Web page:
It is time for Vietnamese businesses to have a more serious look at anti-dumping lawsuits – Photo: Tran Huy

During the anti-dumping investigations on Vietnamese Tra fish, the US usually selects a third country as the basis for comparison of input cost factors. The selection of such country is very important for considering whether Vietnamese Tra fish are dumped or not. In the POR8, the US abruptly changed Bangladesh with Indonesia (which has its Tra fish processing and production industry far different from that in Vietnam) as the third country, making Vietnam’s Tra fish considered being dumped and imposed a “punitive” duty 25 – 45 times higher than that in the POR7. This was preposterous. However, to clarify the issue, Vietnam must accept to lodge a complaint to the International Trade Court. Time to pursue the lawsuit will surely extend and this is a challenge Vietnamese businesses have to overcome if they don’t want to lose this important market.


Coping with the problem if it is unavoidable

The economic crisis has created opportunities for low-cost products such as seafood, textiles, footwear, rice… to expand their markets but also increased the protection trend of developed countries, including anti-dumping measures. In fact, Vietnam is not the main target of large anti-dumping cases in the world. However, together with increasing export capacity and competitive advantage on price, Vietnam will face more anti-dumping lawsuits. If Vietnamese exporters want to expand markets, there is no other way but to actively prevent and deal with these lawsuits, through studying their nature and procedures as well as taking appropriate response measures when a case occurs.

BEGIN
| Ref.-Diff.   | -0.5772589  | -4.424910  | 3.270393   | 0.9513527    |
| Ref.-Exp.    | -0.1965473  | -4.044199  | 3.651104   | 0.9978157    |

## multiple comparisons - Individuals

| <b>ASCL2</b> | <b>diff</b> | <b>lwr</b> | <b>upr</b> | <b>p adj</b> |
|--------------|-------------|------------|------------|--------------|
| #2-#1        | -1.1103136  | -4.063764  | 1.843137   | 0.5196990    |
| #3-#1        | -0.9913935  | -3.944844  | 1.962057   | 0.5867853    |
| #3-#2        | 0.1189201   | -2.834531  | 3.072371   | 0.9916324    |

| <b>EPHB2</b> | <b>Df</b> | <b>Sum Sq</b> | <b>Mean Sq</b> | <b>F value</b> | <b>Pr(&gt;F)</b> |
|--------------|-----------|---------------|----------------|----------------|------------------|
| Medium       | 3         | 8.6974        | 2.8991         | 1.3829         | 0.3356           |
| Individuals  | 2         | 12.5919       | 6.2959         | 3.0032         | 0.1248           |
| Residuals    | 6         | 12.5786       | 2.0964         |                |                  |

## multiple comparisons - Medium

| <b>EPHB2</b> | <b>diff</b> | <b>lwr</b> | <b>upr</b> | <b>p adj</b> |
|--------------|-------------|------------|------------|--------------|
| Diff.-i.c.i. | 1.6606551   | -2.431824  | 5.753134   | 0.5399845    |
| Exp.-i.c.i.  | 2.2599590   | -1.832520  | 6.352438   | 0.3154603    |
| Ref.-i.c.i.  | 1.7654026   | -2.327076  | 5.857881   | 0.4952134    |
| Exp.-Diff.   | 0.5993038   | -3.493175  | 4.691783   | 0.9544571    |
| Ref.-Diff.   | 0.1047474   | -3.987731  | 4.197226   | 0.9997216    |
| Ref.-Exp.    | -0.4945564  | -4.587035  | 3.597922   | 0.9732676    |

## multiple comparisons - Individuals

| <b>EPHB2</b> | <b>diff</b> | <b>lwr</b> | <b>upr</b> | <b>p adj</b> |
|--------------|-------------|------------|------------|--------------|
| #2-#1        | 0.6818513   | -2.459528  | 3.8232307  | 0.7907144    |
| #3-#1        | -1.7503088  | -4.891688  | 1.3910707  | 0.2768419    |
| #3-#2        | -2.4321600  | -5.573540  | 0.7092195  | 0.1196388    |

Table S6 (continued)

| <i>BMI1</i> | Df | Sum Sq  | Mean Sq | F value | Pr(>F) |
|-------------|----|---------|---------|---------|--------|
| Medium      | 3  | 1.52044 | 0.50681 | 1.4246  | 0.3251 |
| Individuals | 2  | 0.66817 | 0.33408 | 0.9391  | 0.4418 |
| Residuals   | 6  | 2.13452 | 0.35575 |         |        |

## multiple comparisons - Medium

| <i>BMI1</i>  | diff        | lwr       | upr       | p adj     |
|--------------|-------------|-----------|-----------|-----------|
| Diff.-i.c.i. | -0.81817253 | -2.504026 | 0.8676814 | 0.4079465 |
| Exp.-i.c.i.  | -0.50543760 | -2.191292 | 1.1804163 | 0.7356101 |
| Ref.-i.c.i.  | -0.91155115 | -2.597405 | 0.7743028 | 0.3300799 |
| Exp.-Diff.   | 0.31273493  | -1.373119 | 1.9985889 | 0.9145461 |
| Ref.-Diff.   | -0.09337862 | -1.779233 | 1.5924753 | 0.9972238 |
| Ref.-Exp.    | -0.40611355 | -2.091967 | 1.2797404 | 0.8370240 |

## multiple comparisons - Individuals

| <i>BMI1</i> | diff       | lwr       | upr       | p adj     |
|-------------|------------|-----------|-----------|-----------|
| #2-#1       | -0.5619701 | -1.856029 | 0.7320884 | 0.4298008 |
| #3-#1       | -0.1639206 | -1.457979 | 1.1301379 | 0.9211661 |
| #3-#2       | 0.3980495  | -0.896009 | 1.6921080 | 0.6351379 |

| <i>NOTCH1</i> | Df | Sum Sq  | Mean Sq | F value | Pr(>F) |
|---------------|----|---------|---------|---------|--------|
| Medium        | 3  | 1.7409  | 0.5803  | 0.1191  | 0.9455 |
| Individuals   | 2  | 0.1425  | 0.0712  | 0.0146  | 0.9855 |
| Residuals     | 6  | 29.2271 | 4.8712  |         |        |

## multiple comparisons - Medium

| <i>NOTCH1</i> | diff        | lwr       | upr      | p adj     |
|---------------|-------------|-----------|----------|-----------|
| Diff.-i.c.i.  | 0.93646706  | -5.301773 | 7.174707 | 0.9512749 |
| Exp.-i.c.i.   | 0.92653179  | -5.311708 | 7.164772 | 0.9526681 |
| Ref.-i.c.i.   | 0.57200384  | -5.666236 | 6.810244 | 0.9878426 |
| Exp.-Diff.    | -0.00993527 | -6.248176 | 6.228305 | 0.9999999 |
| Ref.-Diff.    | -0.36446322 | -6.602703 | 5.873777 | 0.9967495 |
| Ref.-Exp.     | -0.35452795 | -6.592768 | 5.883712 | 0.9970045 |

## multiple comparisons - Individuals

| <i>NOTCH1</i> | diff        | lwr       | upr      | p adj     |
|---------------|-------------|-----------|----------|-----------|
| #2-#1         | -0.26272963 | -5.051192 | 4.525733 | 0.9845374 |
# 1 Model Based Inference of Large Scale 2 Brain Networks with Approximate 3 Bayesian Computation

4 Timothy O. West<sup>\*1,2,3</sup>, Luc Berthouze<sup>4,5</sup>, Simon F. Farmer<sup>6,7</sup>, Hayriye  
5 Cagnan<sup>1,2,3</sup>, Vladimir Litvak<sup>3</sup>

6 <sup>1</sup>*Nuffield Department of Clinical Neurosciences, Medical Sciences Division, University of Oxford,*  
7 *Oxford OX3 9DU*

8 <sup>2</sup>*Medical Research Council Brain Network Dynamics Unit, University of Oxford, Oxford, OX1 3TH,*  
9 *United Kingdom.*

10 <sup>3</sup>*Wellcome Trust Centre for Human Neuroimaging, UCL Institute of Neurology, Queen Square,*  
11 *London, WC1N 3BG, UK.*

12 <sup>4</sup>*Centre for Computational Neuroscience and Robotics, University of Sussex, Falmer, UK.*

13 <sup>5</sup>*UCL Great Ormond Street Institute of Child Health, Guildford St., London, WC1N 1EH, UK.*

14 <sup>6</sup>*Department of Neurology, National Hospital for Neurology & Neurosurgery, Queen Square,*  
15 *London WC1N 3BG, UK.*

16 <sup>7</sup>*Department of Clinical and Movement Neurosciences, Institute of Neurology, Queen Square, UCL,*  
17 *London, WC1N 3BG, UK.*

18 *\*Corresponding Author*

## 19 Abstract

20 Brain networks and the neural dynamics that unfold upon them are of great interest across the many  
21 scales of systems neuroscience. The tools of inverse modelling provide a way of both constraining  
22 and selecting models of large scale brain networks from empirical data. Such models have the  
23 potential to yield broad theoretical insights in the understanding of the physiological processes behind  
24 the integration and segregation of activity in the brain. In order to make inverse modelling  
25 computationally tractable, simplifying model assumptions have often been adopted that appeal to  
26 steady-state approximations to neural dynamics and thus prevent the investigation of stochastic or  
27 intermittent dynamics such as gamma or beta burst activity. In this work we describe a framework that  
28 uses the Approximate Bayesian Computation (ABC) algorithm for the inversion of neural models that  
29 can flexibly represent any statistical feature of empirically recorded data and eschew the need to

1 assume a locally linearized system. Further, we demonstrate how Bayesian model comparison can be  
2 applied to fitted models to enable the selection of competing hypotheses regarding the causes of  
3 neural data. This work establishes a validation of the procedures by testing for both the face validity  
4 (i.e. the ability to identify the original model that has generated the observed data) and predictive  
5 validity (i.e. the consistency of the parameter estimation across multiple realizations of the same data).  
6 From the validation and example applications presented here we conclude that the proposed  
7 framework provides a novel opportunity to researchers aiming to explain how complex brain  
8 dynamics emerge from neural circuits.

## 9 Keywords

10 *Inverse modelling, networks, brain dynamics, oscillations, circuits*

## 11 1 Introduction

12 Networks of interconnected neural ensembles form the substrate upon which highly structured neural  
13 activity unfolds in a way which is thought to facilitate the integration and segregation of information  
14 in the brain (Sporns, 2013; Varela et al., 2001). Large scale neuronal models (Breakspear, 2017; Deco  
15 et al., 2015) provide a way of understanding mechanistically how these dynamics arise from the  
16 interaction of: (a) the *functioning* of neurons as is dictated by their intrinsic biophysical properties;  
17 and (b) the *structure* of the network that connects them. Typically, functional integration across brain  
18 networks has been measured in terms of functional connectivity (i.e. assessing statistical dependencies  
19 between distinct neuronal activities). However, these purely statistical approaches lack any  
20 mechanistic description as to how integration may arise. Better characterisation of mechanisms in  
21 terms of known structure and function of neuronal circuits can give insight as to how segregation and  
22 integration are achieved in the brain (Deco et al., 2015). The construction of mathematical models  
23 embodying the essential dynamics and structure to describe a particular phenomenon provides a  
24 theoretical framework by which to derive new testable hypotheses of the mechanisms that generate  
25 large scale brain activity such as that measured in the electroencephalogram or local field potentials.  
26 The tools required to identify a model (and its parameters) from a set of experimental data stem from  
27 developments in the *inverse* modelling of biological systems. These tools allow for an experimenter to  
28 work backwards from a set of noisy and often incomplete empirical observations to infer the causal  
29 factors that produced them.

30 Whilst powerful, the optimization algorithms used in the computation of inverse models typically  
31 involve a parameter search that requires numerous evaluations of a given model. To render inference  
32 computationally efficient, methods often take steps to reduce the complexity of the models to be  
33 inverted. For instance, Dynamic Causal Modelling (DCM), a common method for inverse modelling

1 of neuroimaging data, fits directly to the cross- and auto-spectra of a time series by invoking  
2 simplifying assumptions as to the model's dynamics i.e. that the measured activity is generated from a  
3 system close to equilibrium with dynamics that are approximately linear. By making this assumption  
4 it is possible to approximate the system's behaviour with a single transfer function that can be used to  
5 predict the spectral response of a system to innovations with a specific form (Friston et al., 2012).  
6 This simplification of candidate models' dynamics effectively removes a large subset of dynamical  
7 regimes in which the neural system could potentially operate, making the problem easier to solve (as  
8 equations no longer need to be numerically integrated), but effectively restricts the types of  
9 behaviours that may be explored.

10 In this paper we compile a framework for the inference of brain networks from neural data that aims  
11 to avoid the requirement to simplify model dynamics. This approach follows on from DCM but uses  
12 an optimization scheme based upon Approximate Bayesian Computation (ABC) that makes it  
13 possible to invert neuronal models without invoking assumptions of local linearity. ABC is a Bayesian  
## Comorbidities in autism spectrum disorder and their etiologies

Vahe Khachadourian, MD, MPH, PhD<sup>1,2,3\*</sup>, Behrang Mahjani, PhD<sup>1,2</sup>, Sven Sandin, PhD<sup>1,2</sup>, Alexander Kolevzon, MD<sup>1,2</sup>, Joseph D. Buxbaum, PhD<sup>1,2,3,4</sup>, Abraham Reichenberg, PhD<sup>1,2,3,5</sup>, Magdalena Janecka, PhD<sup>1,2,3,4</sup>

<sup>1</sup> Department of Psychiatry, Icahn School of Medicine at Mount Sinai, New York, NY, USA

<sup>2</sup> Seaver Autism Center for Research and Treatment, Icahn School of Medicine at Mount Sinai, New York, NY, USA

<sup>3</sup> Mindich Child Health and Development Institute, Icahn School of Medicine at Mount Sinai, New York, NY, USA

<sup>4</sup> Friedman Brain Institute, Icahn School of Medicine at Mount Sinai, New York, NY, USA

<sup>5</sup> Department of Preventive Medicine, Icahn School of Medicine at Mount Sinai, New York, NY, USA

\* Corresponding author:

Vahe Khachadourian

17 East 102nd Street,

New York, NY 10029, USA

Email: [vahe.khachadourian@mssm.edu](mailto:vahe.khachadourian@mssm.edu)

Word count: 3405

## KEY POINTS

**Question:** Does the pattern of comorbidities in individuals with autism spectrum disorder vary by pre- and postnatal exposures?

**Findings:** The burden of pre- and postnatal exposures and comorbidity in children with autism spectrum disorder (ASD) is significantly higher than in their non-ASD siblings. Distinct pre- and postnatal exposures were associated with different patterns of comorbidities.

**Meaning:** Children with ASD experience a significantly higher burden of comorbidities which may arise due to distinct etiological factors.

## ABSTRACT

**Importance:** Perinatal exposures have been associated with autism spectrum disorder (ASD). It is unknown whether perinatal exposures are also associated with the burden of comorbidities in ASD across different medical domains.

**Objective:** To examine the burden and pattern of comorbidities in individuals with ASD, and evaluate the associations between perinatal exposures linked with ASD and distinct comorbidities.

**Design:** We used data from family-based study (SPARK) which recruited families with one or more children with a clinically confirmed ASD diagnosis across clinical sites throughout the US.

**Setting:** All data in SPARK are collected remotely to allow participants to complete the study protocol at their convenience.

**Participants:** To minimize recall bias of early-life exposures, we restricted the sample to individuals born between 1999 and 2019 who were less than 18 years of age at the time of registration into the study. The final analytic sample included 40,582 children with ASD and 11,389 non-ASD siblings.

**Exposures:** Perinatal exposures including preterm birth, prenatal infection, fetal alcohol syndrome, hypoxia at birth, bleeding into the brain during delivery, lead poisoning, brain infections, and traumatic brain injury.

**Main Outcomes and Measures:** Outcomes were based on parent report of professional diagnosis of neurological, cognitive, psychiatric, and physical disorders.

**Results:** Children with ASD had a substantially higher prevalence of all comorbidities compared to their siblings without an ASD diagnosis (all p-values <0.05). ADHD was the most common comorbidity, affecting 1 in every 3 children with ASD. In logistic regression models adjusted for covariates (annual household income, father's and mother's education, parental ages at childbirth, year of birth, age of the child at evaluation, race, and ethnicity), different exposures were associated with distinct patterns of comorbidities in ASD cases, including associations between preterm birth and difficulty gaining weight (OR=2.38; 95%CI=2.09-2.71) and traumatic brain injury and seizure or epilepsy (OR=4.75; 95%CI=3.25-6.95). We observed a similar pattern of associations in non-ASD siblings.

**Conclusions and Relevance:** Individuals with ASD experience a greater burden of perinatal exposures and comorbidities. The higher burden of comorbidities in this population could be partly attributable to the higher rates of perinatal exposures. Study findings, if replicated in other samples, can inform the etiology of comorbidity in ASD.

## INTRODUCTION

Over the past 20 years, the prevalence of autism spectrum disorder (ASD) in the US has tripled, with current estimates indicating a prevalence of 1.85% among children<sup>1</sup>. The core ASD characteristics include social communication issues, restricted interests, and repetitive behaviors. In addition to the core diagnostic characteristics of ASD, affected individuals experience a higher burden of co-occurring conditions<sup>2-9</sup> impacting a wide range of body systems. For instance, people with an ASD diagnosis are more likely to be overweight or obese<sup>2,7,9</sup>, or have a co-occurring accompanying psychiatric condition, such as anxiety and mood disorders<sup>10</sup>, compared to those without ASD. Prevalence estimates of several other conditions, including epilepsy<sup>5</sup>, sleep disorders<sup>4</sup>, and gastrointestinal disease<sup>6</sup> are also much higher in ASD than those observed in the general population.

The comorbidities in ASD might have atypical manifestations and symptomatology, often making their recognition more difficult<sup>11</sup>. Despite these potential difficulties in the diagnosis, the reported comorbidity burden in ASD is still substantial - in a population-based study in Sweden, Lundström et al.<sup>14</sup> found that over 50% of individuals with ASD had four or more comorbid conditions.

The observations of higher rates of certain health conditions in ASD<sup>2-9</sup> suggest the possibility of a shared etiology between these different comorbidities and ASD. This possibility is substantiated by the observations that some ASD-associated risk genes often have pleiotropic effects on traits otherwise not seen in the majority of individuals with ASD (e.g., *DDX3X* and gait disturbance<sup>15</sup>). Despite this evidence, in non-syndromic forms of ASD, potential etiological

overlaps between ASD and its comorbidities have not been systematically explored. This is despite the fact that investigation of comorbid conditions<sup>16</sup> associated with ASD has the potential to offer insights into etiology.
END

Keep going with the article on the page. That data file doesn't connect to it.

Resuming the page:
The first lesson from anti-dumping lawsuits against Vietnam’s Tra fish is that when domestic producers’ competitive edges and market shares decrease, they can use every possible measure to discourage imports. Anti-dumping is one of the measures that the local producers can use. Therefore, US manufacturers have many opportunities to prevent imported goods. Hence, Vietnamese enterprises must have strategies to diversify products and export markets in order to reduce risks and ensure production activities, and should not “put all eggs in one basket”. They should not focus on exporting several commodities with large quantities to one country, because this can be an excuse for countries to commence anti-dumping lawsuits.

In addition, to deal with anti-dumping lawsuits, it is necessary to pay special attention to the transparency of records and accounting books. Through the two shrimp and Tra fish cases, we drew an experience that books and data of many businesses were not clear and transparent, and the investigating agencies did not accept these expenditures, leading to difficulties and disadvantages in investigating the businesses’ dumping margins.

Nguyen Duy Khien, head of the American Market Department under the Ministry of Industry and Trade, pointed out a reason why Vietnamese businesses lost anti-dumping lawsuits. It was that businesses hid information and accounting data and provided unclear archives.

 “To actively deal with lawsuits, at first, businesses should examine accounting data and archives clearly and accurately. Information on selling prices and quantities, date, shipping costs and price adjustments must be the most obvious. Information on production costs and others must be separated…” Khien recommended.

>>  The first lesson from anti-dumping lawsuits against Vietnam’s Tra fish is that when domestic producers’ competitive edges and market shares decrease, they can use every possible measure to discourage imports. Anti-dumping is one of the measures that the local producers can use.

Hoang Lan